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Meaning of ‘Bad’ by ‘Wale’ feat. Rihanna

Released: 2013Features: Rihanna”Bad” by Wale, featuring Rihanna, is a deep dive into the complexities of modern relationships. It eloquently captures the essence of a woman owning her sexuality, while asserting her independence and control over her love life. The blend of self-assertion and brutal honesty gives the song its unique appeal.

The song opens with Rihanna reflecting the persona that she embodies – a “bad girl”. She admits never having made love, but is assertive of her sexual prowess. She does not promise to be good, alluding to her non-commitment issues and a potential to cause emotional hurt. When she says she’ll be “good in bed, but bad to you,” she’s expressing her inherent dichotomy of being a sexual partner but not necessarily a loving one.

Wale’s verse offers a male perspective on the same paradigm. He encapsulates a concept prevalent in hip-hop culture – that ‘bad girls’ attract ‘real niggas’, but these relationships are often far from ideal. He discusses engaging with a woman who is enamored by the ‘king’ but is not kingship herself, bringing out the delusions and disparities in expectations.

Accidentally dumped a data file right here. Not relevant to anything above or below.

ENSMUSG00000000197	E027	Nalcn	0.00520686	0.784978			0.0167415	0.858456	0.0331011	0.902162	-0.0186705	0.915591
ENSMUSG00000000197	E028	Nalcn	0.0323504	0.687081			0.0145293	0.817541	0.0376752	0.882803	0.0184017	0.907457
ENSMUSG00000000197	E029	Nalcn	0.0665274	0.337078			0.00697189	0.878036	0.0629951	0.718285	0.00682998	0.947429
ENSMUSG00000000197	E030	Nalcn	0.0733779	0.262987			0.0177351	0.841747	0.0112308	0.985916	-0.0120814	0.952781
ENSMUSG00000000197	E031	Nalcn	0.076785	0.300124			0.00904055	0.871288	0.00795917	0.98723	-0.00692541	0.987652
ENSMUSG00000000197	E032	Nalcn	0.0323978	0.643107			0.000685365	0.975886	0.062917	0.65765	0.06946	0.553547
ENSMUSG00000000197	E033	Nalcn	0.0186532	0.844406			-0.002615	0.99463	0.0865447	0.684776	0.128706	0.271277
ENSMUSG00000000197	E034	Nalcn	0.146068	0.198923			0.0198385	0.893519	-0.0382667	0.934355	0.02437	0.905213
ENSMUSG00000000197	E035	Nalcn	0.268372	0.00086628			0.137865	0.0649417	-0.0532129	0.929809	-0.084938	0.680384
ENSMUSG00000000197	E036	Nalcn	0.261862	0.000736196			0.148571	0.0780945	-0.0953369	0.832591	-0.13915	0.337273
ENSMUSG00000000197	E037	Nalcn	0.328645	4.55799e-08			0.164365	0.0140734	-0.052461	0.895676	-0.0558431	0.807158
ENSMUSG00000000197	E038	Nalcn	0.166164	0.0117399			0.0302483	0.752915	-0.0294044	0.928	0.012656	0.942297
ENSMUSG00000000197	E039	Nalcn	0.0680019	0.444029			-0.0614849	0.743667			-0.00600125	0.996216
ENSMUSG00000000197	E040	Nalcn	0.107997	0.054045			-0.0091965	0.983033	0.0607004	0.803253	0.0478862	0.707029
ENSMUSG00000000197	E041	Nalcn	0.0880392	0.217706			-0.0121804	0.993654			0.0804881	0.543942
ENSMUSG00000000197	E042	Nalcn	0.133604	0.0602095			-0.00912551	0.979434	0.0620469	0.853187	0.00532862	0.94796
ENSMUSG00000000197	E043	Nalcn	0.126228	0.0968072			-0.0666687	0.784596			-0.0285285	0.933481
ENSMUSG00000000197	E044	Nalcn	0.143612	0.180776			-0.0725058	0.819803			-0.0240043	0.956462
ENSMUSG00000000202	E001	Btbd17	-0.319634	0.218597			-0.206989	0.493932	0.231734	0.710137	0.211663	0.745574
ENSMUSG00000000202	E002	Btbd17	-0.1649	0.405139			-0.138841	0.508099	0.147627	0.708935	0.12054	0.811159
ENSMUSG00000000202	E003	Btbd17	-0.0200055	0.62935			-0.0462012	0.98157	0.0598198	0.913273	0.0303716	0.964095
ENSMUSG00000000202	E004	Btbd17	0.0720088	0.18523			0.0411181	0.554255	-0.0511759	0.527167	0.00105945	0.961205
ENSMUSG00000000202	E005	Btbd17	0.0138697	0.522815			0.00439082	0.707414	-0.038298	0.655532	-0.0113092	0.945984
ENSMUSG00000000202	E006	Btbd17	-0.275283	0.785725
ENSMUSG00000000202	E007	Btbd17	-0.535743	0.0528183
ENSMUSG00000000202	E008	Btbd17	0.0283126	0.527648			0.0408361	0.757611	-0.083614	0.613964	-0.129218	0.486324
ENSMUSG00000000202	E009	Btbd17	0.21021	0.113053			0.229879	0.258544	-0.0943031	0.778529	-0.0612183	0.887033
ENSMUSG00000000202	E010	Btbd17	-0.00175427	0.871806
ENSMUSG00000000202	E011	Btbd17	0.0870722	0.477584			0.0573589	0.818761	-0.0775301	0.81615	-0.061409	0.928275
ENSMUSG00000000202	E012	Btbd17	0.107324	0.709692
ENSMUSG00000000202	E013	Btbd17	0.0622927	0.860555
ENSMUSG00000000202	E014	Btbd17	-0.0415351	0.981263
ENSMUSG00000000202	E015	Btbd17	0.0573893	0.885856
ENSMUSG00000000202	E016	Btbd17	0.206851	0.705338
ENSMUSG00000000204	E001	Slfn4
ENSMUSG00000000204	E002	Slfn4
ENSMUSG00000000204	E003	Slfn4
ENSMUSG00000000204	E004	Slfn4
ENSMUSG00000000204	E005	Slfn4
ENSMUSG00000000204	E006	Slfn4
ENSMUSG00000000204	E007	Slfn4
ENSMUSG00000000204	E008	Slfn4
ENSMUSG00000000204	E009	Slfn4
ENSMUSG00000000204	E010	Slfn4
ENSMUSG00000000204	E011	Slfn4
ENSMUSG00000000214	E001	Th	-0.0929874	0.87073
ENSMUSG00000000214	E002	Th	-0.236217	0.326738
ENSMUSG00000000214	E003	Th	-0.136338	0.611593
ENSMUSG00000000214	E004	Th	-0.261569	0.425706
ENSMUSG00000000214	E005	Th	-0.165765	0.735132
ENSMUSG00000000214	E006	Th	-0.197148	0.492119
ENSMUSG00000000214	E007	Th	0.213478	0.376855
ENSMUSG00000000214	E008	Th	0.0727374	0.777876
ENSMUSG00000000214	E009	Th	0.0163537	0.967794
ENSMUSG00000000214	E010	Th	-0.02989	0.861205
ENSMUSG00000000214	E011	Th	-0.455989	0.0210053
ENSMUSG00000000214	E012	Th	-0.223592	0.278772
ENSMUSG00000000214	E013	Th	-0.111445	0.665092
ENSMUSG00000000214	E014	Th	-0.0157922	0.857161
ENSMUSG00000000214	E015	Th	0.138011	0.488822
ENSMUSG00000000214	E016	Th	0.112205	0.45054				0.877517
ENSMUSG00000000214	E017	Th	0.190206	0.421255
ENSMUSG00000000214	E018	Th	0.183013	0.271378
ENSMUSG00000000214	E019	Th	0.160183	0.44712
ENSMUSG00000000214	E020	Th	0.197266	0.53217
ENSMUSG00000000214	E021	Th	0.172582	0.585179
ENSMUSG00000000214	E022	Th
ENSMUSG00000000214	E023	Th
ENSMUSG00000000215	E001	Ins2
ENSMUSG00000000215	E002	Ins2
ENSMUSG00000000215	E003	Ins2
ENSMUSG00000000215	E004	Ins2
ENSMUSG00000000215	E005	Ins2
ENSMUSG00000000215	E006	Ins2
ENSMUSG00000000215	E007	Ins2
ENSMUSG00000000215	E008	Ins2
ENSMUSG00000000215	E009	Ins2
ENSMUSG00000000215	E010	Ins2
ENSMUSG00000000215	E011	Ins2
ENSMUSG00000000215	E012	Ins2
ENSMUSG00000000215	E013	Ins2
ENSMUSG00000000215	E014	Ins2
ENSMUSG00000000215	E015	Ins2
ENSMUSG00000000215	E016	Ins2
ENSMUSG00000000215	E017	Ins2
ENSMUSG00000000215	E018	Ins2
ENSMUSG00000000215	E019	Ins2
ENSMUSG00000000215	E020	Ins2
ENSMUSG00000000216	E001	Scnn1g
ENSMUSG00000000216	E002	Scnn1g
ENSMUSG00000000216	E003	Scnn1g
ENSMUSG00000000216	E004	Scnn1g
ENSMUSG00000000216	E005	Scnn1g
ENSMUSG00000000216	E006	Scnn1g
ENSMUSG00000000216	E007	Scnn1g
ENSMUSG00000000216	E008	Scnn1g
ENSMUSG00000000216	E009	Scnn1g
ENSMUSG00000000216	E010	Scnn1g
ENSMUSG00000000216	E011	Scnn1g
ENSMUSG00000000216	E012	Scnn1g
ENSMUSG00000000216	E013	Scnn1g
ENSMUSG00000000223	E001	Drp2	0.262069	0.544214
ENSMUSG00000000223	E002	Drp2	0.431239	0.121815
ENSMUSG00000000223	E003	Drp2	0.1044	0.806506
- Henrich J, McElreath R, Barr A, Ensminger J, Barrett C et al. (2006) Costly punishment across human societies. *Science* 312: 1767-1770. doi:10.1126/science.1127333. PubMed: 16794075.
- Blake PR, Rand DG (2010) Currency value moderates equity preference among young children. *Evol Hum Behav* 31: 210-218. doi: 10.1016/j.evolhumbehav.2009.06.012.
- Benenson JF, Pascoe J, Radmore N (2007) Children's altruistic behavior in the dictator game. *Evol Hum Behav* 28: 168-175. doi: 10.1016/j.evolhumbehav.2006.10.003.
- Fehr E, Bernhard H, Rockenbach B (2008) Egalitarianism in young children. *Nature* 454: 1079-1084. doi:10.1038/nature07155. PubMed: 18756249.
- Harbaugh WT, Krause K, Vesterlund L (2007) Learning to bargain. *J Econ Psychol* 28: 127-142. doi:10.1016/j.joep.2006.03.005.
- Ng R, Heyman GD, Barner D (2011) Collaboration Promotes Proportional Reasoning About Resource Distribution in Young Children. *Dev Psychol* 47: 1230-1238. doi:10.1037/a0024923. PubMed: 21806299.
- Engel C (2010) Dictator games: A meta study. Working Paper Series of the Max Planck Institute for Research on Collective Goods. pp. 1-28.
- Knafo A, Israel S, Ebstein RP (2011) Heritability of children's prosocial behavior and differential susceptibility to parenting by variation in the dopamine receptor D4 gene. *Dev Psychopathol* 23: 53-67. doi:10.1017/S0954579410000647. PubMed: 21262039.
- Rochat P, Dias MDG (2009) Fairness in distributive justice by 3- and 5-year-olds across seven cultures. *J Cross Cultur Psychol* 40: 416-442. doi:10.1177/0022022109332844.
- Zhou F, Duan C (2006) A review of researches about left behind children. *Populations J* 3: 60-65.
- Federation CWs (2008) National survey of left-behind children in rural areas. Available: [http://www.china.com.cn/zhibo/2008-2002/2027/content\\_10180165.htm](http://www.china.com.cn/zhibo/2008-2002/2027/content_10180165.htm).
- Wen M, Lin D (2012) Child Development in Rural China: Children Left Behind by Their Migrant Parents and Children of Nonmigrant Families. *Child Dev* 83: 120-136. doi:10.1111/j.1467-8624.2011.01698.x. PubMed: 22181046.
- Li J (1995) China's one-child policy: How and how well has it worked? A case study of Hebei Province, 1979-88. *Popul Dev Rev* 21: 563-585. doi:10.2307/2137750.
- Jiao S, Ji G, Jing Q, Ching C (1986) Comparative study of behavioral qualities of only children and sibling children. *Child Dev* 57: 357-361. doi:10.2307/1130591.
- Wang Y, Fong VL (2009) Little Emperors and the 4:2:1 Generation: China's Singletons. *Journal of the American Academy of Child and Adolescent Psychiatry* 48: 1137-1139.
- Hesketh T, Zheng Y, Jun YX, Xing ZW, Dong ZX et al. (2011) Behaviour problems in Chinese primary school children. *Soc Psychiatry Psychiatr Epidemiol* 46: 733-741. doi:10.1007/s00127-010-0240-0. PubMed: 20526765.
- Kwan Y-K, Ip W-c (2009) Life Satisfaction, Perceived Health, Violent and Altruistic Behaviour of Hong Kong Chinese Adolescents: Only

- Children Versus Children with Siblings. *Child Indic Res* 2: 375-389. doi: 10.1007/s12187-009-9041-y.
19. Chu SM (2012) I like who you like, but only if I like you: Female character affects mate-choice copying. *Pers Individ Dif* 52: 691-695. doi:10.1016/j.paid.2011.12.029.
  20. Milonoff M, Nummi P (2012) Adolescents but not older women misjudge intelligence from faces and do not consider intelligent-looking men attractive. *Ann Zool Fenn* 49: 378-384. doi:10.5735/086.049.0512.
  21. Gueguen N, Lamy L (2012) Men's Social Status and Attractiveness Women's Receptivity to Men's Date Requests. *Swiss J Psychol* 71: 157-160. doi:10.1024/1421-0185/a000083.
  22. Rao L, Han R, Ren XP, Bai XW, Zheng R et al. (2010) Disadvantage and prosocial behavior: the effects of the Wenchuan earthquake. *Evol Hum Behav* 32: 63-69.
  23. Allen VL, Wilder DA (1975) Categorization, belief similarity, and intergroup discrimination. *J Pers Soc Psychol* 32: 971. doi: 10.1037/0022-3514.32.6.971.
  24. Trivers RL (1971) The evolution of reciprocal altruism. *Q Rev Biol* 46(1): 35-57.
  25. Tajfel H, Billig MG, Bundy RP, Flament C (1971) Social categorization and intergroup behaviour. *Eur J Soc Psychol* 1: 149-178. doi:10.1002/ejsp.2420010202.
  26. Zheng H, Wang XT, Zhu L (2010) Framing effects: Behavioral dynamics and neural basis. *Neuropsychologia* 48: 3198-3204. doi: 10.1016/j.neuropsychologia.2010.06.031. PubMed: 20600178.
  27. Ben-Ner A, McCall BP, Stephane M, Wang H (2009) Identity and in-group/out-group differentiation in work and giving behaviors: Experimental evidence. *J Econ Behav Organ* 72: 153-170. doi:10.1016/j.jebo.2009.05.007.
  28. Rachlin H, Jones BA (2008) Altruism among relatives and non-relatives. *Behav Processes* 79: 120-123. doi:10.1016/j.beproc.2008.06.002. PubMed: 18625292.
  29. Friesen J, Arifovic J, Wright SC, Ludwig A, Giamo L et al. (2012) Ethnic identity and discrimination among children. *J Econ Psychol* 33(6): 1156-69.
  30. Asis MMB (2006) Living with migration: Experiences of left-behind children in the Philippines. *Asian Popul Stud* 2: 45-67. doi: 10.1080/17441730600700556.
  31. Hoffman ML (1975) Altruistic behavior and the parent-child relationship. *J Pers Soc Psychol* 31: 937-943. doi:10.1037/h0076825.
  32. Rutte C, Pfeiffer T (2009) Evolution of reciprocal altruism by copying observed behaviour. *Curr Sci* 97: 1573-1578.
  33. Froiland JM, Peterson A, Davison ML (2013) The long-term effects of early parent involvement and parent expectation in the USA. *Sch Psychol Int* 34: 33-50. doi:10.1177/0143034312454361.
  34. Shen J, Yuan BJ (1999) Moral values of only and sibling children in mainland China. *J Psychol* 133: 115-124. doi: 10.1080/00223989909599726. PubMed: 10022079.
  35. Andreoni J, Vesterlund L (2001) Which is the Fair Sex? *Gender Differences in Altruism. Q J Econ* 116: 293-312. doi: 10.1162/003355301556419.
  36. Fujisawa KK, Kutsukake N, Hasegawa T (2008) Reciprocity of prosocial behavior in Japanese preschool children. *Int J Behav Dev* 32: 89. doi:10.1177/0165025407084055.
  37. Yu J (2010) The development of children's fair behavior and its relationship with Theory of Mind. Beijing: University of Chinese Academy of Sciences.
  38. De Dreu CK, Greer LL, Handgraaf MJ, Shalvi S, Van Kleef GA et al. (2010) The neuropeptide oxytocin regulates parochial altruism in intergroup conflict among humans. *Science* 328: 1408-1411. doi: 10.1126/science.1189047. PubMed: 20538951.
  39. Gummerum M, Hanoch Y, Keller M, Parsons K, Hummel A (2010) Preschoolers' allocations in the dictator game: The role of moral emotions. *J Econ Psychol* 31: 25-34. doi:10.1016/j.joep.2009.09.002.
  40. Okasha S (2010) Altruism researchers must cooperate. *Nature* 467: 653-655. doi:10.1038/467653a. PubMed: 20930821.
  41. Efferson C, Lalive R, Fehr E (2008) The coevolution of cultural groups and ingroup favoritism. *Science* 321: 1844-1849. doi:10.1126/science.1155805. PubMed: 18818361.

Further driving home the point, Wale interprets how labels like ‘bad’ and ‘good’ are often misleading. His reference to “game, Wale got the league pass” says that he has seen and experienced various aspects of relationships and hence, isn’t easily fooled. His words, “the bad girls always unapologetic,” reflect how these women are bold and unashamed of their actions.

The verse “She hurt feelings, she ain’t wrong, She work hard, she play harder” references the kind of independent, assertive, and unapologetic woman the song aims to highlight. Wale mentions that she does not bother with emotional attachments and is more focused on her interests. The line, “She no saint, ‘cept Saint Laurent,” cleverly plays with the concept of moral righteousness and high fashion – reflecting the woman’s preference for material satisfaction over emotional commitment.

Lastly, the lyrics “‘Cause I’ve had some issues” reveal a sense of emotional baggage and past hurt which might be why these characters are reluctant to commit in relationships. They choose to focus on physicality, perhaps as a shield from potential heartache. This narrative explores the multi-faceted human approach towards love, commitment and carnality in the modern era.

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